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The Church and the World.

The Church and the World.

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ST JOHN xvn. 16. "They are not of the world, even as I am
not of the world."

ST JOHN xvn. 16. "They are not of the world, even as I am
not of the world."

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Published by: GLENN DALE PEASE on Jul 29, 2014
Copyright:Traditional Copyright: All rights reserved


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THE CHURCH AD THE WORLD. REV. J. LLEWELY DAVIES, M.A. ST JOH xvn. 16. "They are not of the world, even as I am not of the world." I EDEAVOURED to make it clear this morning that the proper idea of holiness is that of dedica- tion to the exclusive service of God. Holy things are those which are set apart for the use of worship ; holy persons or saints are those whom God has made his own by election and calling, and who consent to be his. Holiness therefore implies separation ; and those who are to be in any sense holy must in some way be separate. What kind of separation is rightly involved in, or required by, Christian holiness in the present age, is the question which we are to consider this evening. The most obvious way of being separate is that of refusing to have fellowship with other people who do not think or feel as we do. "Come out from among them, and be ye separate," is an ex- hortation addressed by St Paul to the Christians THE CHURCH AXD THE WORLD. 105 of Corinth. And when we look back to the be- ginnings of the Church, we see small societies of persons who have come out very decidedly from the world surrounding them. The Christians were separated in religion, in morals, and in social life, from their neighbours. Their Christian profession imperatively required them to be thus separated. Their holiness was endangered by free association with the heathen. And it was necessary that they
should draw together closely and seek support for their faith in mutual encouragement and in the common atmosphere of a Christian society. We can understand easily enough this state of things, when we recall the circumstances of the first age of the Church. Within the Church there is a close communion or fellowship of the saints with one another; on the outside there is a marked sepa- ration between the few saints and the unholy world surrounding them. But the scene changes when we pass from the first century to the nineteenth. What is to be said about separation when the whole society is pro- fessedly Christian ? From whom are we, the Chris- tians of this country, to separate ourselves ? Chris- tians are not a select few in England; rror is England a little Christian land surrounded by 106 THE CHURCH AD THE WORLD. heathen nations. How far can we use, in what way can we reasonably and honestly apply to our own case, the Scriptural doctrine concerning the separation of Christians from the world ? What is for us the holy fellowship, and what is the world ? The true and thorough answer to be given to these questions is this, that the primary and essential separation of the holy is from all that defiles. This is to be insisted upon now as much as ever and in all possible circumstances. But the social separation from persons or classes is alto- gether a secondary and variable matter. It may be that the only way of avoiding defilement is by separation from certain persons ; then such separa- tion becomes a duty of holiness. But otherwise all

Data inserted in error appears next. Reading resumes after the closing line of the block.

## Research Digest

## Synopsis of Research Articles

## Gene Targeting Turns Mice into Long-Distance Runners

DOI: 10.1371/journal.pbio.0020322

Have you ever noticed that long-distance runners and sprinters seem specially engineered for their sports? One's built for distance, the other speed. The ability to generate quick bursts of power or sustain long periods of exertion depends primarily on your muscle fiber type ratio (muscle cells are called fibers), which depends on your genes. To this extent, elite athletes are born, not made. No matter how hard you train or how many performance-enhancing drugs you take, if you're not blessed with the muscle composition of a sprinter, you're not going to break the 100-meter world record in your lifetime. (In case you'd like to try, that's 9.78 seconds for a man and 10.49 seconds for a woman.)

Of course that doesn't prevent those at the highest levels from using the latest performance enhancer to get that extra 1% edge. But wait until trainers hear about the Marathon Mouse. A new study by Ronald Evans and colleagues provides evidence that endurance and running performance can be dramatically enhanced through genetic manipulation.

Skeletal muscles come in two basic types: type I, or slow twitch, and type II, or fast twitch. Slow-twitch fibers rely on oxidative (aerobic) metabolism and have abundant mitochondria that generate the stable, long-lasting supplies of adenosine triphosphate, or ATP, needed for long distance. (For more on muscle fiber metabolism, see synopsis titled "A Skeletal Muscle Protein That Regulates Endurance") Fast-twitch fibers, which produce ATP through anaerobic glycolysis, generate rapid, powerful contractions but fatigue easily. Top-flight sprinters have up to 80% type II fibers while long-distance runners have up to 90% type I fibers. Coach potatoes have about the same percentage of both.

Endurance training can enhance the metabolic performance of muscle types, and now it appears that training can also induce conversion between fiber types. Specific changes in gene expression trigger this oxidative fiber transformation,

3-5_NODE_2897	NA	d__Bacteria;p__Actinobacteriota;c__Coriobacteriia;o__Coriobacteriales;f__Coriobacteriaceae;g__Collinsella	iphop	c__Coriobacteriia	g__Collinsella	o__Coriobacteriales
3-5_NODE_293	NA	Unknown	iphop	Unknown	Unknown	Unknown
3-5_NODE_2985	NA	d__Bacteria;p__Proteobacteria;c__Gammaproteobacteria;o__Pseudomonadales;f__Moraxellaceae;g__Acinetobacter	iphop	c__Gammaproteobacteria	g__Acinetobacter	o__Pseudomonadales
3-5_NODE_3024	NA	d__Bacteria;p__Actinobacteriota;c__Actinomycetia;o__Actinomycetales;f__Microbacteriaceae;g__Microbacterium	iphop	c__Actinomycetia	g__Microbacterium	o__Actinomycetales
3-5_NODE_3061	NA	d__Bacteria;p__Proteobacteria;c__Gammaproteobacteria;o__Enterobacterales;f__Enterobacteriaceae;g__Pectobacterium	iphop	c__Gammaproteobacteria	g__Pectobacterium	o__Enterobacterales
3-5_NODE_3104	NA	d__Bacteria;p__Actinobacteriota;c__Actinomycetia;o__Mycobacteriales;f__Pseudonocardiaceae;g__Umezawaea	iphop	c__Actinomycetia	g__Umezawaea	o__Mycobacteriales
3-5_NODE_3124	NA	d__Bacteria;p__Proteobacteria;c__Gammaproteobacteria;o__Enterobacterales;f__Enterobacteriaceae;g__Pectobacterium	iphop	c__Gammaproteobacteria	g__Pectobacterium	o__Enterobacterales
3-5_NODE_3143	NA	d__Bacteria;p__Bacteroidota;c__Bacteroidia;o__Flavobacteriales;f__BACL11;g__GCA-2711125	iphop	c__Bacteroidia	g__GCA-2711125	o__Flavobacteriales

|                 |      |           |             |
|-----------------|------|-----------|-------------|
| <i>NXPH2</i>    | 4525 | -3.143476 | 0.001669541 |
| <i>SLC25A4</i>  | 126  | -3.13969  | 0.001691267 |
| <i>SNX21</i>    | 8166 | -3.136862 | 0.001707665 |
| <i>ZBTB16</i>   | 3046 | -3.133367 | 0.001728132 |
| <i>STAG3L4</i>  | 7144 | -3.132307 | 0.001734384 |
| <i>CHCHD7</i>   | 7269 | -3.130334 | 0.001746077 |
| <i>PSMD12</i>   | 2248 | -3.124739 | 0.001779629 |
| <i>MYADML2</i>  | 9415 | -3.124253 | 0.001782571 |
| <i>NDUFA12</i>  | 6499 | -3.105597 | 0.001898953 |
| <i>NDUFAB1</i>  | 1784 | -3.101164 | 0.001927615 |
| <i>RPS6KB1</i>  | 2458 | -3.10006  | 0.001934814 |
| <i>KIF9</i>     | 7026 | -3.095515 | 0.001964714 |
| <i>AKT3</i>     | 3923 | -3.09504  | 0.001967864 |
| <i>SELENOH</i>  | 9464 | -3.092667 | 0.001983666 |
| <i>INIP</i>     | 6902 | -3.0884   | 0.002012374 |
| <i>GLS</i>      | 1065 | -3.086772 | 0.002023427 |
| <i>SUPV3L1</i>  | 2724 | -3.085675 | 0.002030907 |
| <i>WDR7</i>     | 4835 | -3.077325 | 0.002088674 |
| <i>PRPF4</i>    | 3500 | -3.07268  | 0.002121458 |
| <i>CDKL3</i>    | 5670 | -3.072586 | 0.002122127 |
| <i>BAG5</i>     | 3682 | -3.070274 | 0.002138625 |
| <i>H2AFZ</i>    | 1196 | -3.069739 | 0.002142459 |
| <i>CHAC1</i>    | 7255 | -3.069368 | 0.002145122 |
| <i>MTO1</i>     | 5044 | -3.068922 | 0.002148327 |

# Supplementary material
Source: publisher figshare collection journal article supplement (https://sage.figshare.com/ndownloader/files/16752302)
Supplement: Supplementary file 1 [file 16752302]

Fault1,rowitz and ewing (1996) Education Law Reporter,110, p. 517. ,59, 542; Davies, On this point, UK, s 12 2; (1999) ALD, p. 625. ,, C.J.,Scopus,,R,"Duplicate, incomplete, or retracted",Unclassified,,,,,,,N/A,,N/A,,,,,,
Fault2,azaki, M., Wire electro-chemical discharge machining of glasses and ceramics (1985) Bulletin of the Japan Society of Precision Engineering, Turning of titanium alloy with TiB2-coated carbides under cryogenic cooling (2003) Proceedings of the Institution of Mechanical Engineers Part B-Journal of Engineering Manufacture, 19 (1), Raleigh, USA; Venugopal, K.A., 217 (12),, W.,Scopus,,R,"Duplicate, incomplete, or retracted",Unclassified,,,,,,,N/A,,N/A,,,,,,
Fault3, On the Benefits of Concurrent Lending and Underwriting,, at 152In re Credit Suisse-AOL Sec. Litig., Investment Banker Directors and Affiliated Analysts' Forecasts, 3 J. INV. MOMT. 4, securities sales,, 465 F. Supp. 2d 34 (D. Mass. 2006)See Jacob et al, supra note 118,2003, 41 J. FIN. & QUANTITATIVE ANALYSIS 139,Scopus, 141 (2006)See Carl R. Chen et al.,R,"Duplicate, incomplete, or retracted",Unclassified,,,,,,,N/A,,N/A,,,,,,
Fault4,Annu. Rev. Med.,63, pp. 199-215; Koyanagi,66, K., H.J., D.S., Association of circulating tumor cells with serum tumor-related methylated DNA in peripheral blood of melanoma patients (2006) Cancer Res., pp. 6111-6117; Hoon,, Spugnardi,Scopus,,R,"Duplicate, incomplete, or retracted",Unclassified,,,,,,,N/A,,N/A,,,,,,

refusal of fellowship between human beings is un- desirable and to be regretted. There ought never to be separation for separation's sake, between Christians and non-Christians, or between some Christians and others. And to trust to such separa- tion for the promotion of holiness, is a fatal error. It is the more fatal, because it is also a very natural and seductive error. There are two conspicuous forms of this per- version of the idea of holiness in these later ages. THE CHURCH AD THE WORLD. 107 In both, men start from the notion that it is a fun- damental necessity of Christianity to cut out some portion of the world for God, and to leave the rest of it as not God's. The one kind of separation we may call religions, the other ecclesiastical. I. When Christians have been most in earnest, great stress has been laid upon the difference be- tween being really, and being only nominally, Christian. The Bible speaks of regeneration, of conversion, of the absorbing faith of the believer, of the required renunciation of all earthly things. A great number of baptized and professing Christians have been very unlike what Christians according to the Bible standard ought to be, some shamelessly profligate, many conspicuously followers of fashion and pleasure, still more, cold and heartless believers in the crucified and risen Christ. How was it pos- sible to assume that such Christians as these had undergone the new birth and were living a life in Christ ? It was a natural conclusion that there must be an inner circle of true believers as well as the larger body of nominal Christians. The be- lievers, it was held, had undergone the inward

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